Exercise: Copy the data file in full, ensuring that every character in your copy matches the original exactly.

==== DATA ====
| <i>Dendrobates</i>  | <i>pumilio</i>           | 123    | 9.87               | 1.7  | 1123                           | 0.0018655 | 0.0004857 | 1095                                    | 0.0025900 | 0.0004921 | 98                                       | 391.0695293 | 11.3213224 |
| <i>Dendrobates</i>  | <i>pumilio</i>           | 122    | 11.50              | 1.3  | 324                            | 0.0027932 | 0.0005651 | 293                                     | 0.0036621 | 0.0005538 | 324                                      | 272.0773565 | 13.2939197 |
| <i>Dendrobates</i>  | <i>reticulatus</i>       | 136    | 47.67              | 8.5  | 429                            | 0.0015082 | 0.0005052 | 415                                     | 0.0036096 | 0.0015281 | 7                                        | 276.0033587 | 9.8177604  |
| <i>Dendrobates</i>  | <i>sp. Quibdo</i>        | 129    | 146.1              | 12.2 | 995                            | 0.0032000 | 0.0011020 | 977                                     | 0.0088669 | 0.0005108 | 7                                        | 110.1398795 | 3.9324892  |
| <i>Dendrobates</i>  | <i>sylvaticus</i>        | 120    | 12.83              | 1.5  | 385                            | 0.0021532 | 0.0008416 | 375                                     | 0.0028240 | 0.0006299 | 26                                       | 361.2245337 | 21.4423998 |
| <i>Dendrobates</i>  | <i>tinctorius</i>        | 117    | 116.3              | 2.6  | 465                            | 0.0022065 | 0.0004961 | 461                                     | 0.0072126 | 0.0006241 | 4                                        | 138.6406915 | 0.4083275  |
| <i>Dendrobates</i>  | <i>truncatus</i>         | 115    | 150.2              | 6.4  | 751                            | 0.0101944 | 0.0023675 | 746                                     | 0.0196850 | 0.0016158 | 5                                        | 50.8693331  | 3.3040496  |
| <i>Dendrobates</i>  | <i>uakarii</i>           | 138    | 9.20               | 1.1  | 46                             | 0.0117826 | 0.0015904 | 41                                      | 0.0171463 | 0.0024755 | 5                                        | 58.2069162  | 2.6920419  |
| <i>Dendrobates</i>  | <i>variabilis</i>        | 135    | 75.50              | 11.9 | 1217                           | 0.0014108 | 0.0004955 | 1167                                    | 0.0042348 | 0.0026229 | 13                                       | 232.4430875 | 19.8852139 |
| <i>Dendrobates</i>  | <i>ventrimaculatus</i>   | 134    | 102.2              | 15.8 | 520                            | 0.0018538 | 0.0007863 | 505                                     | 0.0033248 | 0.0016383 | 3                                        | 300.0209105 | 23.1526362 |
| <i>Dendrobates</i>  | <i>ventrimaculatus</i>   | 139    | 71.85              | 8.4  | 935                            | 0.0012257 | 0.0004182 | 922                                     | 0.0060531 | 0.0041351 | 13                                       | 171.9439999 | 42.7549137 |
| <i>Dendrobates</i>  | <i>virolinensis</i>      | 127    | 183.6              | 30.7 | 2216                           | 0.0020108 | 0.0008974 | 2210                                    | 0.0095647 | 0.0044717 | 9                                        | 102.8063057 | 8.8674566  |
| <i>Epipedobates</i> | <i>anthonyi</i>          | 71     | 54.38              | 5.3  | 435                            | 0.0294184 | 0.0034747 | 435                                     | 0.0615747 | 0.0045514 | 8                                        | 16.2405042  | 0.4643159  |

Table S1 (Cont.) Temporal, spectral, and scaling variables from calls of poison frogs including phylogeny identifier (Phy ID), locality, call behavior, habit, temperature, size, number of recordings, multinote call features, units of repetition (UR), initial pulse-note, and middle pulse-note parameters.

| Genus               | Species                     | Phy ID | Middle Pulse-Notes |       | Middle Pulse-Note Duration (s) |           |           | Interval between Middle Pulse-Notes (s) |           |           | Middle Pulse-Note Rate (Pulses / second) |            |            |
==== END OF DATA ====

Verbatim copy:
| <i>Dendrobates</i>  | <i>pumilio</i>           | 123    | 9.87               | 1.7  | 1123                           | 0.0018655 | 0.0004857 | 1095                                    | 0.0025900 | 0.0004921 | 98                                       | 391.0695293 | 11.3213224 |
| <i>Dendrobates</i>  | <i>pumilio</i>           | 122    | 11.50              | 1.3  | 324                            | 0.0027932 | 0.0005651 | 293                                     | 0.0036621 | 0.0005538 | 324                                      | 272.0773565 | 13.2939197 |
| <i>Dendrobates</i>  | <i>reticulatus</i>       | 136    | 47.67              | 8.5  | 429                            | 0.0015082 | 0.0005052 | 415                                     | 0.0036096 | 0.0015281 | 7                                        | 276.0033587 | 9.8177604  |
| <i>Dendrobates</i>  | <i>sp. Quibdo</i>        | 129    | 146.1              | 12.2 | 995                            | 0.0032000 | 0.0011020 | 977                                     | 0.0088669 | 0.0005108 | 7                                        | 110.1398795 | 3.9324892  |
| <i>Dendrobates</i>  | <i>sylvaticus</i>        | 120    | 12.83              | 1.5  | 385                            | 0.0021532 | 0.0008416 | 375                                     | 0.0028240 | 0.0006299 | 26                                       | 361.2245337 | 21.4423998 |
| <i>Dendrobates</i>  | <i>tinctorius</i>        | 117    | 116.3              | 2.6  | 465                            | 0.0022065 | 0.0004961 | 461                                     | 0.0072126 | 0.0006241 | 4                                        | 138.6406915 | 0.4083275  |
| <i>Dendrobates</i>  | <i>truncatus</i>         | 115    | 150.2              | 6.4  | 751                            | 0.0101944 | 0.0023675 | 746                                     | 0.0196850 | 0.0016158 | 5                                        | 50.8693331  | 3.3040496  |
| <i>Dendrobates</i>  | <i>uakarii</i>           | 138    | 9.20               | 1.1  | 46                             | 0.0117826 | 0.0015904 | 41                                      | 0.0171463 | 0.0024755 | 5                                        | 58.2069162  | 2.6920419  |
| <i>Dendrobates</i>  | <i>variabilis</i>        | 135    | 75.50              | 11.9 | 1217                           | 0.0014108 | 0.0004955 | 1167                                    | 0.0042348 | 0.0026229 | 13                                       | 232.4430875 | 19.8852139 |
| <i>Dendrobates</i>  | <i>ventrimaculatus</i>   | 134    | 102.2              | 15.8 | 520                            | 0.0018538 | 0.0007863 | 505                                     | 0.0033248 | 0.0016383 | 3                                        | 300.0209105 | 23.1526362 |
| <i>Dendrobates</i>  | <i>ventrimaculatus</i>   | 139    | 71.85              | 8.4  | 935                            | 0.0012257 | 0.0004182 | 922                                     | 0.0060531 | 0.0041351 | 13                                       | 171.9439999 | 42.7549137 |
| <i>Dendrobates</i>  | <i>virolinensis</i>      | 127    | 183.6              | 30.7 | 2216                           | 0.0020108 | 0.0008974 | 2210                                    | 0.0095647 | 0.0044717 | 9                                        | 102.8063057 | 8.8674566  |
| <i>Epipedobates</i> | <i>anthonyi</i>          | 71     | 54.38              | 5.3  | 435                            | 0.0294184 | 0.0034747 | 435                                     | 0.0615747 | 0.0045514 | 8                                        | 16.2405042  | 0.4643159  |

Table S1 (Cont.) Temporal, spectral, and scaling variables from calls of poison frogs including phylogeny identifier (Phy ID), locality, call behavior, habit, temperature, size, number of recordings, multinote call features, units of repetition (UR), initial pulse-note, and middle pulse-note parameters.

| Genus               | Species                     | Phy ID | Middle Pulse-Notes |       | Middle Pulse-Note Duration (s) |           |           | Interval between Middle Pulse-Notes (s) |           |           | Middle Pulse-Note Rate (Pulses / second) |            |            |